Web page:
The function of a good job ad is, well, advertising. Marketing 101. Do you think Coca-Cola would be as successful as they are if their ads featured bulleted lists of how people should drink a soda? Probably not so much! The purpose of your job ad is to entice your ideal, perfect, top-producing, goes-above-and-beyond-the-call-of-duty, unicorn candidate that your company and opportunity is far superior to those that your competitor has posted.
Okay, so we’re beating you to oblivion with our point here. But just in case, here’s more clarification.
The Good, The Bad, and the Ugly
The Good Stuff: Love at First Sight
A good job advertisement hits all the points. It’s interesting to read and sets a scene for the candidate to imagine what “a day in the life” is like with the company. It also calls attention to what is expected of the candidate within the first 3, 6, and 9 months of employment and what they can otherwise expect on the job as a whole. We call these the “measurable expectations” because they are time-bound. This makes it super easy to track a candidate’s performance when you hold them against accomplishing tasks within specific periods of time.
The ad will further be succinct and easy to read, but still full of information that’s relevant to the position. It tells the story of the company in a way that makes the reader want to be a part of the team, where they can see themselves as part of the team’s fabric, creating not only opportunity for themselves in their career, but also creating solutions to common business challenges.
Did you know that 50% of all interviewees and new hires that join our team mention that our job ad captivated and engaged them so much they were all the more encouraged to apply in the first place? This is even before they had ever met anyone from our company, in which case would have undoubtedly discouraged them in the second place, but more on that later. A job ad so powerful that it literally compels prospective candidates to apply. Think about that. Putting enough effort into creating a really good, quality job ad for your open positions can, in part, handle your recruiting for you!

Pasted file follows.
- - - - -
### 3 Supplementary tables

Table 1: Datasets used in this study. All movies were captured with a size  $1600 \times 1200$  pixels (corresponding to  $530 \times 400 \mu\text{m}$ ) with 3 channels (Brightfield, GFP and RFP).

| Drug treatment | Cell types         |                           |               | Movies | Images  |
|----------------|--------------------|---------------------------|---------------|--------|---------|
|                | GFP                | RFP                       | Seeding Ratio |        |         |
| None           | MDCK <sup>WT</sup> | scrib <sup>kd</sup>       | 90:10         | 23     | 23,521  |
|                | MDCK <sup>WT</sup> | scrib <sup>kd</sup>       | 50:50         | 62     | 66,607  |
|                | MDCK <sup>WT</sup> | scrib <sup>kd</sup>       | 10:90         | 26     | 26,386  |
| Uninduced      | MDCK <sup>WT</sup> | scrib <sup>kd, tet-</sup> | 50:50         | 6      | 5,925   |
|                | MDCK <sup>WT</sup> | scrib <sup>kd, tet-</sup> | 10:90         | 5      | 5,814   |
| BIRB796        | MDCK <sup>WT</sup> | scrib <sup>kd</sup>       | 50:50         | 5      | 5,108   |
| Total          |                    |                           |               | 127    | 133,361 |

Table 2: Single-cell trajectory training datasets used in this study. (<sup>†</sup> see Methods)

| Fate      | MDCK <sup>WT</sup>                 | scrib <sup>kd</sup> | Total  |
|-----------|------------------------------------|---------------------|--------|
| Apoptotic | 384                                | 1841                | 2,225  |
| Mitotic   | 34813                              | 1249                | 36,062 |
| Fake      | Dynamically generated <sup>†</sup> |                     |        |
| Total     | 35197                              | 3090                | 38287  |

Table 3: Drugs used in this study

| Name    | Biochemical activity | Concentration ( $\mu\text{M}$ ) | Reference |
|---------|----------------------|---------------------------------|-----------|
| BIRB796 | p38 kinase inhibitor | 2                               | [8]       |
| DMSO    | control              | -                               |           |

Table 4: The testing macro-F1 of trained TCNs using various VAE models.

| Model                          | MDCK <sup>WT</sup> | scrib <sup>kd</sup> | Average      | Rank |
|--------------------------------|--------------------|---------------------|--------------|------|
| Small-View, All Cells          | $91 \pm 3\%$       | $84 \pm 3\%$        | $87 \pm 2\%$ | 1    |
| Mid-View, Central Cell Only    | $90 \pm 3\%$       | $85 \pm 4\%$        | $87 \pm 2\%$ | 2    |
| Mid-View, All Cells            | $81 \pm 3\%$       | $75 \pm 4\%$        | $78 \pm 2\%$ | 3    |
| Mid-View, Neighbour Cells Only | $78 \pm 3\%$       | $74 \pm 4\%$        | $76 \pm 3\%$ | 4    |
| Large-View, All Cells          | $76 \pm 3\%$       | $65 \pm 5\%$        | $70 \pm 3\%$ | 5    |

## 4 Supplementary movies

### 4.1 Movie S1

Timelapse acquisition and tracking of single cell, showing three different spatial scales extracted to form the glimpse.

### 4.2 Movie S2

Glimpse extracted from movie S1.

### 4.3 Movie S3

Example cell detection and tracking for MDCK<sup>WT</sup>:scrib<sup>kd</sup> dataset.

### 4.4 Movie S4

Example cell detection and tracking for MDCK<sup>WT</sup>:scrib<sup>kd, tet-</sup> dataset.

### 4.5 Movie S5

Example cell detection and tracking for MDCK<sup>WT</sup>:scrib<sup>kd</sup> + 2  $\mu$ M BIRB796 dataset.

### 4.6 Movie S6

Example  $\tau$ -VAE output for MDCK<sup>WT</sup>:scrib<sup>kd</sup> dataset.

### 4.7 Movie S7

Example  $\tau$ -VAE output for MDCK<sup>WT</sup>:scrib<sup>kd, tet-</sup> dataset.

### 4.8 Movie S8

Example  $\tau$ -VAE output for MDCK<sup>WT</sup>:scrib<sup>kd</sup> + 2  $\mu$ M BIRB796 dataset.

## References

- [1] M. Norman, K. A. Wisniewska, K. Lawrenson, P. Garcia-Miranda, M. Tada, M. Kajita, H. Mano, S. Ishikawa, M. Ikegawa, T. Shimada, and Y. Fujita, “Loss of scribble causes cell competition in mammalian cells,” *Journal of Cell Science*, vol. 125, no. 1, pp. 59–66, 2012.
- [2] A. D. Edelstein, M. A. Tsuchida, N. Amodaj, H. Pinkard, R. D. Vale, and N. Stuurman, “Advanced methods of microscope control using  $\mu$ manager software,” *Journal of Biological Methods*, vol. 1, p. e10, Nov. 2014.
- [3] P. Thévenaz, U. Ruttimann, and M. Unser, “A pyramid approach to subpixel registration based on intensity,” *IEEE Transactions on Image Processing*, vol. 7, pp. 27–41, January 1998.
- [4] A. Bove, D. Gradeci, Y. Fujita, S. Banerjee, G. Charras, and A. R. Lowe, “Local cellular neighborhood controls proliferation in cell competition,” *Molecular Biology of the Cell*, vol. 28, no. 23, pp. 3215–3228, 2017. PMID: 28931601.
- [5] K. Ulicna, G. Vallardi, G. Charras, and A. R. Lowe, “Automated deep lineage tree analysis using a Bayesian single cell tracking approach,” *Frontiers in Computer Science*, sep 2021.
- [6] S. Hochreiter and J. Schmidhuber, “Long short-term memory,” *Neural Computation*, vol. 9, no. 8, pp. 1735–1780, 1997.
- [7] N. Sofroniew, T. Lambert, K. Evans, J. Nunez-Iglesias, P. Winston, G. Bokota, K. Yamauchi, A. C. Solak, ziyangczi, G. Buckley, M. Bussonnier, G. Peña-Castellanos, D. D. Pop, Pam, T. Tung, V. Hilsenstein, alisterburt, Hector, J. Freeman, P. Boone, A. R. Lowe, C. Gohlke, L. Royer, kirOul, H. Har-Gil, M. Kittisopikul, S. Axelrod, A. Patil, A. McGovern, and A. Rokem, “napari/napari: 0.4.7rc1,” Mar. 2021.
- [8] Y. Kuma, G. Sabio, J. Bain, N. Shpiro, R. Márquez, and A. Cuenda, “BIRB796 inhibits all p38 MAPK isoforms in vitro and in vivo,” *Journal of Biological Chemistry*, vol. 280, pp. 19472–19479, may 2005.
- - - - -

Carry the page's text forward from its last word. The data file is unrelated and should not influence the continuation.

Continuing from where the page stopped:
So, we were curious (as we often are), so we surveyed (as we often do) our candidate pipeline to determine what they (real-life job seekers) want to see in a job description. Of the 226 participants who responded, a whopping 72% have applied to jobs either solely or mostly because of the way the job was presented in the job ad. That’s ¾ of all applicants! Makes sense though, right? The advertising and marketing industry is worth billions of dollars for a reason. Because it works!
Most of us can conceptualize the idea of love at first sight. Maybe you’ve even experienced it before. A job advertisement that causes a candidate to fall head over heels in love with the idea of working for you and your company is the exact feeling we’re trying to evoke here. By the end of a successful job advertising campaign you should have a lot of stalkers and heart-broken suitors. Just be sure to let them down nicely and do watch out for those stalkers!
The Bad Stuff: Swipe Left
A bad job advertisement can on take many forms. It could possibly be too long. Like 3-4 pages in length, too long. It might even be too short. It might be so short, you’d be challenged to even call it an actual job description due to its lack of adequate information about the position. You look away having no idea what the company even does nor how you’d fit in.
Aside from the length, a job description that does a poor job of advertising contains an exhaustive bulleted list. Usually these start with, and I quote from some random job ad I just found, “The following is a list of the expected duties and responsibilities that are not limited to…” and then goes on for like, a whole page of things in a bulleted list. I think it was a page, I’m not sure, I FELL ASLEEP HALFWAY THROUGH. Woof!